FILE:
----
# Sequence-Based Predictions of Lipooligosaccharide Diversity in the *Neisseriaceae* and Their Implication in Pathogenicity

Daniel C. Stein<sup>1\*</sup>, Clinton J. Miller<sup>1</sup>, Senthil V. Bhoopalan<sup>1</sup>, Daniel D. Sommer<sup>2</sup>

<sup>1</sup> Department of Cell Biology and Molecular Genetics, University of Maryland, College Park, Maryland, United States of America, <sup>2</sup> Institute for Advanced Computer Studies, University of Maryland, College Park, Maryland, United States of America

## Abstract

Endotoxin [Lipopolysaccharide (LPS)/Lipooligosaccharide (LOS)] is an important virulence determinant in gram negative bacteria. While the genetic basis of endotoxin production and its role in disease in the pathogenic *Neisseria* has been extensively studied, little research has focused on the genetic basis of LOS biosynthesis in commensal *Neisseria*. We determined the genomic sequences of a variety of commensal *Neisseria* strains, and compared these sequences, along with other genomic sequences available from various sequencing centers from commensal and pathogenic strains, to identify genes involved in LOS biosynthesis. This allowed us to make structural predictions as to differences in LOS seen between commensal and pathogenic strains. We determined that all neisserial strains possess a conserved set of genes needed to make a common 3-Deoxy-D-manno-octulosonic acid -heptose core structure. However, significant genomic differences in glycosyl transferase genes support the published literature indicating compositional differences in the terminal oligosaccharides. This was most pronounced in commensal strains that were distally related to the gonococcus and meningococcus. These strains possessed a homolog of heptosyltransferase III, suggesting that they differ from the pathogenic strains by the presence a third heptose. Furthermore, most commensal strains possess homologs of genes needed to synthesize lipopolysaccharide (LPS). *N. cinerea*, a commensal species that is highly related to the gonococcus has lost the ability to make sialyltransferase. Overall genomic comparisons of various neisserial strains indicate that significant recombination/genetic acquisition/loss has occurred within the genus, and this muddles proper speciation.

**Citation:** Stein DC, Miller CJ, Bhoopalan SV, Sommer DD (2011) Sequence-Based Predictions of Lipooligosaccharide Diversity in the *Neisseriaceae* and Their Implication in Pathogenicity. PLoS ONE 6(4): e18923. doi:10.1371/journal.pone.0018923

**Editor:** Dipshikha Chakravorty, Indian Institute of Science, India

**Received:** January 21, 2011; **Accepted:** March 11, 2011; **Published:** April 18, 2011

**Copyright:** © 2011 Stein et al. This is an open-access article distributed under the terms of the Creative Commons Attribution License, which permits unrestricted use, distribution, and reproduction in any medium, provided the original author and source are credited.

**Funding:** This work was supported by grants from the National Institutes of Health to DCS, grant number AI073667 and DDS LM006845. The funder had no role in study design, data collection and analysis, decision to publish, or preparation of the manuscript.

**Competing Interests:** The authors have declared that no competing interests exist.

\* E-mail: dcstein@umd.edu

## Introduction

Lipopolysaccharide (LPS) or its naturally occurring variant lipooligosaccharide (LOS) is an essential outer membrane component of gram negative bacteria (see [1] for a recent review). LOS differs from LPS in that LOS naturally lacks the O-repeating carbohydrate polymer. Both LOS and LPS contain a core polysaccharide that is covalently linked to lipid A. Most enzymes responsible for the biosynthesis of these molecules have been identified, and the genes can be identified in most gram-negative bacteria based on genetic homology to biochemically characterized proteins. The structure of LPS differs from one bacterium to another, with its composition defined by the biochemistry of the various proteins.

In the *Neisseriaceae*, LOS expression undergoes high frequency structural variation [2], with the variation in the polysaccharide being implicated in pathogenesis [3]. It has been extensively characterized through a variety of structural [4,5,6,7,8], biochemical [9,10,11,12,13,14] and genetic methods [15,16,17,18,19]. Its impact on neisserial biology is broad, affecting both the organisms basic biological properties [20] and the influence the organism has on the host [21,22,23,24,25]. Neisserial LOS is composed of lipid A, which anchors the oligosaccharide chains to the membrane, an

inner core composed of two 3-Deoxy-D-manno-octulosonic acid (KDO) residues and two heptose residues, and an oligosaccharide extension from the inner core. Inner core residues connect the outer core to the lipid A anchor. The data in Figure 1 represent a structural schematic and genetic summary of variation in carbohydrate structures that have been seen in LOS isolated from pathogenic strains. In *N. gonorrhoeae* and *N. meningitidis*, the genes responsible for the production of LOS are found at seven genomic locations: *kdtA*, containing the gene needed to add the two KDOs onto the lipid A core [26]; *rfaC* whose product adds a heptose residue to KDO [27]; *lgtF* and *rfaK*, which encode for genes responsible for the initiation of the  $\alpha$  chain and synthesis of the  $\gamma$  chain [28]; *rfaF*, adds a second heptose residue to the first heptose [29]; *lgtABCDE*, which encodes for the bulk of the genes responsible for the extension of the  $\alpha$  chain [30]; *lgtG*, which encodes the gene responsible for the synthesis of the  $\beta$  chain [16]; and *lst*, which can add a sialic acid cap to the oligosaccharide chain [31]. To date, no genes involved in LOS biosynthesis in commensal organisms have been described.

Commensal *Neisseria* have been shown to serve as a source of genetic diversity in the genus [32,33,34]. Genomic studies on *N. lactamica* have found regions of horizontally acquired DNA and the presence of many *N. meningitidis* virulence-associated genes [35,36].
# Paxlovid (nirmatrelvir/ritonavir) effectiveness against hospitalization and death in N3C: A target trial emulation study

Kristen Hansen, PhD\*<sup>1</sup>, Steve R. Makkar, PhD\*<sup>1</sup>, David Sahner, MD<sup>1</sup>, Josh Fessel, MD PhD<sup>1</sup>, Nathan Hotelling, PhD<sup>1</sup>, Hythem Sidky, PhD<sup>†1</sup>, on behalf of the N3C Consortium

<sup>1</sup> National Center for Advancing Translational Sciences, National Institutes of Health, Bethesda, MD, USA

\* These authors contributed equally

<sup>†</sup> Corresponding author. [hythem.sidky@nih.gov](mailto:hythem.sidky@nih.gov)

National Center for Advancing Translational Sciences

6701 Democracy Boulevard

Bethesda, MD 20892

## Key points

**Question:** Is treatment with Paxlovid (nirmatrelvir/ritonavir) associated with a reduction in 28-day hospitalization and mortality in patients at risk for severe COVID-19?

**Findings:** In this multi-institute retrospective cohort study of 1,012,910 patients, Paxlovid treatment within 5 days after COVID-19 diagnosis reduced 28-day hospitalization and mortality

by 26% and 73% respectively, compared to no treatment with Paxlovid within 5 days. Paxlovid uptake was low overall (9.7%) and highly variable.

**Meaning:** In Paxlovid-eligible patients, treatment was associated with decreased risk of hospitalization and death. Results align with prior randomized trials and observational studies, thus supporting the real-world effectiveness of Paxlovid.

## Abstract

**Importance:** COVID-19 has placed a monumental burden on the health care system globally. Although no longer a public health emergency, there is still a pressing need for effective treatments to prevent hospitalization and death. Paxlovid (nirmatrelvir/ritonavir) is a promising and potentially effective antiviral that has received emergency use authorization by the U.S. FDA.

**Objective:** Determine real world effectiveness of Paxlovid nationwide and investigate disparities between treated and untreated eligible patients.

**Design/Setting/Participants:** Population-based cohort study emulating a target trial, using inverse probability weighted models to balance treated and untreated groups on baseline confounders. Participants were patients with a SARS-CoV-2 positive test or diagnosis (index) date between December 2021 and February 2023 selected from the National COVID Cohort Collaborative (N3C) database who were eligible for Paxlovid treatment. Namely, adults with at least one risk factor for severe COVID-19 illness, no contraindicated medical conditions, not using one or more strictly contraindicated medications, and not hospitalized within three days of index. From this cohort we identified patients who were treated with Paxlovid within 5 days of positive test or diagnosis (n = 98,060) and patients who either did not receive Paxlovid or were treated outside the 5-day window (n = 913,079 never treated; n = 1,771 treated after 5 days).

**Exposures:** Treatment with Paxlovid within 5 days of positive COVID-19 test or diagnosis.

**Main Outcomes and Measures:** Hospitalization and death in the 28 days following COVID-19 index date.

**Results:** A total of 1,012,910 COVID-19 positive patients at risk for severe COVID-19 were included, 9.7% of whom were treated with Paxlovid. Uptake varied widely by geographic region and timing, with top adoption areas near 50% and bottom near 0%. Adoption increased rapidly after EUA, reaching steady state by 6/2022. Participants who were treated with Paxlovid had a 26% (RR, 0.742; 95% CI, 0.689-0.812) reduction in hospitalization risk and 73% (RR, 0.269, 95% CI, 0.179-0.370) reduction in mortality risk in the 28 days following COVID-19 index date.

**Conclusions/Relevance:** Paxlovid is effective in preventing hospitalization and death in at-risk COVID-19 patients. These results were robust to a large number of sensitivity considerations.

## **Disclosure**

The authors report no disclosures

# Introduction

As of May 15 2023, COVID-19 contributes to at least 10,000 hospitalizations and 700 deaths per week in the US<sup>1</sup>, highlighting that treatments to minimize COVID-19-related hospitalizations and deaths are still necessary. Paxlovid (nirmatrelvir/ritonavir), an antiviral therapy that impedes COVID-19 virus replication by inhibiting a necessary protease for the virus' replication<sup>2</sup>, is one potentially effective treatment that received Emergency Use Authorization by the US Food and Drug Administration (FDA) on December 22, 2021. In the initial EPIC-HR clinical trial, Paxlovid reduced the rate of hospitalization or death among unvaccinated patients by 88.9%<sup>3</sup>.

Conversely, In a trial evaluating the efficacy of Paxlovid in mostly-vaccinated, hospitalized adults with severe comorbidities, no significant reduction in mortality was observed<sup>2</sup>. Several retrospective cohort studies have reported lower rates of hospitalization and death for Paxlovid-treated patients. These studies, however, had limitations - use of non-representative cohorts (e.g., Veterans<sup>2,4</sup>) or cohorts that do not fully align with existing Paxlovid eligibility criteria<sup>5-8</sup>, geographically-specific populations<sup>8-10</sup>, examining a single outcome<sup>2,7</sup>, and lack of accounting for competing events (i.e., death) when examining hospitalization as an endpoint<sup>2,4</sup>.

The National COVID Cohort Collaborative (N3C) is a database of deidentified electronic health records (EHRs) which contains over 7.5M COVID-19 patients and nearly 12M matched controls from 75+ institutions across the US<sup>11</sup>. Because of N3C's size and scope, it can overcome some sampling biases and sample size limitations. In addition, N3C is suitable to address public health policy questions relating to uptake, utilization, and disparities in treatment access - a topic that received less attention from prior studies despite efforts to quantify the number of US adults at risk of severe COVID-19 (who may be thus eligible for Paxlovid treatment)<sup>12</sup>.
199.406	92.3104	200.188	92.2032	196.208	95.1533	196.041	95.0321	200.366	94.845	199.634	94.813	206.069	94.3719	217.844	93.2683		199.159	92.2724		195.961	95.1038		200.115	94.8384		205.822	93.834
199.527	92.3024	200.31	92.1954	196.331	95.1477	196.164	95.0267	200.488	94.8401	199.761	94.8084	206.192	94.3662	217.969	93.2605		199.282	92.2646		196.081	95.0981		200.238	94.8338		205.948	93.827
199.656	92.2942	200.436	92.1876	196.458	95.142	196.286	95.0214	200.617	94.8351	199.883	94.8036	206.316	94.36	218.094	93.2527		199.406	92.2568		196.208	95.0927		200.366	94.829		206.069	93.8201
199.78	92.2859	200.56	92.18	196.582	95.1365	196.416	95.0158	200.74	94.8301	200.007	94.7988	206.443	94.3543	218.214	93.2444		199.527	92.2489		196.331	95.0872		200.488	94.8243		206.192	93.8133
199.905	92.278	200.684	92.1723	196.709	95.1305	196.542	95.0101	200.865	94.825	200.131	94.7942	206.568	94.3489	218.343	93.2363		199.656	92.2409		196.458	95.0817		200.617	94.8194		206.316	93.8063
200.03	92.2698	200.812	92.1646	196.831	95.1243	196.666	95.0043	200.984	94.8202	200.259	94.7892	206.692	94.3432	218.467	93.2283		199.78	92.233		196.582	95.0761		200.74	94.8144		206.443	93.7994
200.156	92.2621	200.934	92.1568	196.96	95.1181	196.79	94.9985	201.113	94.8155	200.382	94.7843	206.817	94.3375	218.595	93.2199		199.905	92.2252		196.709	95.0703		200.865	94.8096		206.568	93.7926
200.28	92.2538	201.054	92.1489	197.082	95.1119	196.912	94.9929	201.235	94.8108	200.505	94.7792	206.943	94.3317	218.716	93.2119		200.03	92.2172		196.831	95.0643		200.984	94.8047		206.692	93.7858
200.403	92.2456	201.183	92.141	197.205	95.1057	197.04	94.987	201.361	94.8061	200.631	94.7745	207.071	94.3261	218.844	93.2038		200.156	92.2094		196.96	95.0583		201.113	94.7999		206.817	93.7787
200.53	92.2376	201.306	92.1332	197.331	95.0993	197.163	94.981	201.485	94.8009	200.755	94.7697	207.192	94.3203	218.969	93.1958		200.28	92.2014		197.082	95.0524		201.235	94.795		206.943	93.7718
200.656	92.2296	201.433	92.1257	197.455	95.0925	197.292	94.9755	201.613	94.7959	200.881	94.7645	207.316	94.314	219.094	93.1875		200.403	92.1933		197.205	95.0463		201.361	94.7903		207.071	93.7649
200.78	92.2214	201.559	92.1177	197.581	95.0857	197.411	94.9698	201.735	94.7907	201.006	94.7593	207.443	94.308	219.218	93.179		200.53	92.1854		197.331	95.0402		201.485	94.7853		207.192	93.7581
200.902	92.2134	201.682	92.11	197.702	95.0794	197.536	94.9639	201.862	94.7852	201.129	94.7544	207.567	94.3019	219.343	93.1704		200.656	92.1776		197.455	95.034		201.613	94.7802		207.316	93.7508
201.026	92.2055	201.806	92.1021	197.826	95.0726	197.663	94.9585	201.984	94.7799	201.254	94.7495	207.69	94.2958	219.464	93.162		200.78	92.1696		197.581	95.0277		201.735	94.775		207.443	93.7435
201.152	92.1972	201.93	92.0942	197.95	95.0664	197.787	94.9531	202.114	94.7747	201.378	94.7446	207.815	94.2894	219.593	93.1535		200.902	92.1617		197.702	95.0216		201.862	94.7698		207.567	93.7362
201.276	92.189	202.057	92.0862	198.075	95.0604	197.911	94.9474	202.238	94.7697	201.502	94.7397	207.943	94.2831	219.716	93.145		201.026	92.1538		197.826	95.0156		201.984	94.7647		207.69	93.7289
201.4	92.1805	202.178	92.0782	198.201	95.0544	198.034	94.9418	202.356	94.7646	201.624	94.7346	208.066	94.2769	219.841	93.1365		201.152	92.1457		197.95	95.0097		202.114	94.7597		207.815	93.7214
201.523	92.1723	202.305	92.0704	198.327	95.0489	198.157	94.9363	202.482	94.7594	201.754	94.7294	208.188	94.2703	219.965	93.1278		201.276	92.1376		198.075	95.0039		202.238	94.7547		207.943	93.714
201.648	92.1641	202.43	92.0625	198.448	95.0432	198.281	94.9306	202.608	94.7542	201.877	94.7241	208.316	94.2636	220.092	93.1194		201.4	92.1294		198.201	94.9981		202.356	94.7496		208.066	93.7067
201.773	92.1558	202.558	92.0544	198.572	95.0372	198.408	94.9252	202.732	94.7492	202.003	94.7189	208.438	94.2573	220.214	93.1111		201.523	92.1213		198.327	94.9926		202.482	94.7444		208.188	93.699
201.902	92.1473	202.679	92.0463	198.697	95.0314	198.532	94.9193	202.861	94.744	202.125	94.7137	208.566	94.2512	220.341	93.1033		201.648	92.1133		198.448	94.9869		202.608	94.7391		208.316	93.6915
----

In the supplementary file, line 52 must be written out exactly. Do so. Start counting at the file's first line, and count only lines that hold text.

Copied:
200.28	92.2538	201.054	92.1489	197.082	95.1119	196.912	94.9929	201.235	94.8108	200.505	94.7792	206.943	94.3317	218.716	93.2119		200.03	92.2172		196.831	95.0643		200.984	94.8047		206.692	93.7858